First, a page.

Source: CropLife Foundation news release



The Crop Protection Research Institute, part of the CropLife Foundation, a non profit, non-advocacy organization created to advance the understanding of pesticide use in the U.S. through research and education, has released a study on the value of insecticides in U.S. crop production.



"The Value of Insecticides in U.S. Crop Production" is the culmination of a three-year effort focusing on 50 crops and examining the value of insecticides to production by crop, by state and by growers nationally and demonstrates the enormous impact insecticides have in protecting the yields of numerous crops in the U.S. and in feeding millions of people while keeping food inexpensive and abundant.



The insitute's study makes clear that without insecticides and the higher yields they provide, billions of pounds of apples, oranges, potatoes, and tomatoes would be lost in the United States annually if not for these front-line weapons against crop destroying pests. Consumers would pay higher prices for the staples that they and their families rely on, not just in the U.S. but around the world and during a challenging global economy not seen for decades.

"Insecticides provide tremendous and wide-ranging benefits at relatively small cost," said Jay Vroom, chairman of CropLife Foundation. "Without insecticides many of our crops would see huge production losses. Billions of pounds a year of some of our most basic commodities would see dramatic declines or collapse altogether. The necessity for this crop protection technology is increasingly important as production and consumer demand for food and fiber needs continues to rise."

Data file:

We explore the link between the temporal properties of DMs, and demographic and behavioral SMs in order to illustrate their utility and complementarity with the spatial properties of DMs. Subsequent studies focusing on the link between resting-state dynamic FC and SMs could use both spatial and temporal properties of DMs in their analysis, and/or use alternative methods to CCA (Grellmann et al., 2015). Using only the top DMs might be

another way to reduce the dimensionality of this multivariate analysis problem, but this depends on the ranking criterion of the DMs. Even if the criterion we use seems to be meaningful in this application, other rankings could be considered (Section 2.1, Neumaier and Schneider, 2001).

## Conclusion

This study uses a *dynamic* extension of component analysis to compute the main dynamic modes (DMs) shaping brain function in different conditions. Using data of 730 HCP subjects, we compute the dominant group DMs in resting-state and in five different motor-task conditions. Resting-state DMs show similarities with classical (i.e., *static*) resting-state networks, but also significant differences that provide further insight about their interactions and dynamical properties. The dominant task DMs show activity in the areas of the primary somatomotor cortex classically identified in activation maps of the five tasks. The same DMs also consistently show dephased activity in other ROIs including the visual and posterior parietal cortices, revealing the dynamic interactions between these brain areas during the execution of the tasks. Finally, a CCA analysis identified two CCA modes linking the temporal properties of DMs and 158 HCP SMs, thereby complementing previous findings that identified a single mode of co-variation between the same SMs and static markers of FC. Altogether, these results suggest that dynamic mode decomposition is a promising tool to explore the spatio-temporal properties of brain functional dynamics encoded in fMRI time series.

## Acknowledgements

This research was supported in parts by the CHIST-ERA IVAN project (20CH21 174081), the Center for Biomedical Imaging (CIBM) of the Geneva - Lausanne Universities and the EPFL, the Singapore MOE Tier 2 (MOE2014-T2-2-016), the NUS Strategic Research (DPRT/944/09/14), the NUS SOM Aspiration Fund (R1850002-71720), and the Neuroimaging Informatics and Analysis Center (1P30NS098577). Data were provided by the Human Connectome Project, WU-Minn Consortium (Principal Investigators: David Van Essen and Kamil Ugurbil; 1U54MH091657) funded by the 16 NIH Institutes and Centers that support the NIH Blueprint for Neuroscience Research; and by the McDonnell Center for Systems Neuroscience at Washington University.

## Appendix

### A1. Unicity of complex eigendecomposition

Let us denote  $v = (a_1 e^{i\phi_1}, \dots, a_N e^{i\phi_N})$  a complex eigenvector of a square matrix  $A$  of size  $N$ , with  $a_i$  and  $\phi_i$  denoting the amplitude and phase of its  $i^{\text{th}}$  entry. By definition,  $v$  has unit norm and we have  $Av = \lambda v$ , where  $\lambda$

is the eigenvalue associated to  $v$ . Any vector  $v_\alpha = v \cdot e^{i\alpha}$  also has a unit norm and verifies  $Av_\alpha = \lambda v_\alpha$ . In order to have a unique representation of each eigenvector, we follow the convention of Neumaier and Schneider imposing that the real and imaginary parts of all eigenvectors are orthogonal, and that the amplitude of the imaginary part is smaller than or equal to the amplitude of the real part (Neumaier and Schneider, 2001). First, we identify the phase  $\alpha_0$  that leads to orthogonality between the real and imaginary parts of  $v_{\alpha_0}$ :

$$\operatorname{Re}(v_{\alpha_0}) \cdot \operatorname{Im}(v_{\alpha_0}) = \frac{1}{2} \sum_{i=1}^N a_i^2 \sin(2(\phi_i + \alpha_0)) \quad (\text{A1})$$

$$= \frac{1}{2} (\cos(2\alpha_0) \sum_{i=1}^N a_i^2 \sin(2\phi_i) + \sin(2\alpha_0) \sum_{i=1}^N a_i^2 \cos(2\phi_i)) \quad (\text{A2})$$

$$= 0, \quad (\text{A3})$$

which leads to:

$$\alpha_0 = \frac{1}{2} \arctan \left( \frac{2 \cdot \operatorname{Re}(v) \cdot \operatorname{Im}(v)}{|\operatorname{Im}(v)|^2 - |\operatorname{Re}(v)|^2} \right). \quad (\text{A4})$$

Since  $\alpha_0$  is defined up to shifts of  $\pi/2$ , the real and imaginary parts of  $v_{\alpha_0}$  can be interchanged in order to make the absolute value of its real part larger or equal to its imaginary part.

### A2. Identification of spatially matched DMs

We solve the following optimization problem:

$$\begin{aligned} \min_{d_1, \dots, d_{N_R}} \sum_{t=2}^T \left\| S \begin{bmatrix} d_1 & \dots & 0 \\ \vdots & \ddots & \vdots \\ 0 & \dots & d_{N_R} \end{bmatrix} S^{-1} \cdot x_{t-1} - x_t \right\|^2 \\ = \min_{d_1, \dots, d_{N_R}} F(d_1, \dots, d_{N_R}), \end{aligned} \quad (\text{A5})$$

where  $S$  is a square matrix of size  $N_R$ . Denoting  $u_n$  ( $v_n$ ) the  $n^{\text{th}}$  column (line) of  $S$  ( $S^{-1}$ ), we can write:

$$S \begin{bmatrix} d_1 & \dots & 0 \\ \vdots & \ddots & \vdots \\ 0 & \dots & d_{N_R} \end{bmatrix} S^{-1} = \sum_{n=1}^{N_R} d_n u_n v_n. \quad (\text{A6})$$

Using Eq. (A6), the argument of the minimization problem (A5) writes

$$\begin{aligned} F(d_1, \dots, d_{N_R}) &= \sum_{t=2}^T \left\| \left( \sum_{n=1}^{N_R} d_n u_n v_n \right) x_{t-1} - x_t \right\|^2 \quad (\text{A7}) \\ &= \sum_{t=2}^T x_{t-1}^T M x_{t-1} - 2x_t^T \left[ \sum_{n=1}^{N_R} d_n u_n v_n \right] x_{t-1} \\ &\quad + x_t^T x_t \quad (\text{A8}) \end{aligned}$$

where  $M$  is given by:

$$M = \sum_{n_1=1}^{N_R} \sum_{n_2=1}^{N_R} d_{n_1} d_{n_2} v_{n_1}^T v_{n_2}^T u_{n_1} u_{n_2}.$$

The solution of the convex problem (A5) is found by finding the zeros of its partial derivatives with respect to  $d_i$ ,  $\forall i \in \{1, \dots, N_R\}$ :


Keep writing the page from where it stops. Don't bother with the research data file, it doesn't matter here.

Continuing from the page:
The report details several key findings. Of the crops surveyed, 31 of 50 would suffer yield losses of 40 percent or greater and seven crops would see losses of over 70 percent without the use of insecticides. California, Florida and Washington would see the most dramatic losses in crop production value and 144 billion pounds of additional, food, feed, and fiber would be lost annually in the U.S.



"Without insecticides for control of crop-feeding insects, production of some crops would be impossible in parts or all of the country," said Leonard Gianessi, director of the institute. "With the introduction of synthetic insecticides in the 1950s, production of crops increased dramatically as a result of better insect control. In some cases, as with sweet corn production in Florida, the crop could not be produced at all before synthetic insecticides were made available."



Many agricultural commodities are vulnerable to the presence of aflatoxins and insect control is necessary to prevent its passage to the plant. Aflatoxin, a carcinogen, can cause liver and other cancers in humans, lowers the body's normal immune response, and can impair growth in children.



"Pistachio growers use insecticides in part to control insect damage that leads to a serious human health concern, aflatoxin contamination," said Bob Klein of the California Pistachio Research Board. "Without insecticides, control of aflatoxin in pistachios would be difficult if not impossible."



Full results of these studies, along with detailed breakdowns by state and crop, can be found at www.croplifefoundation.org.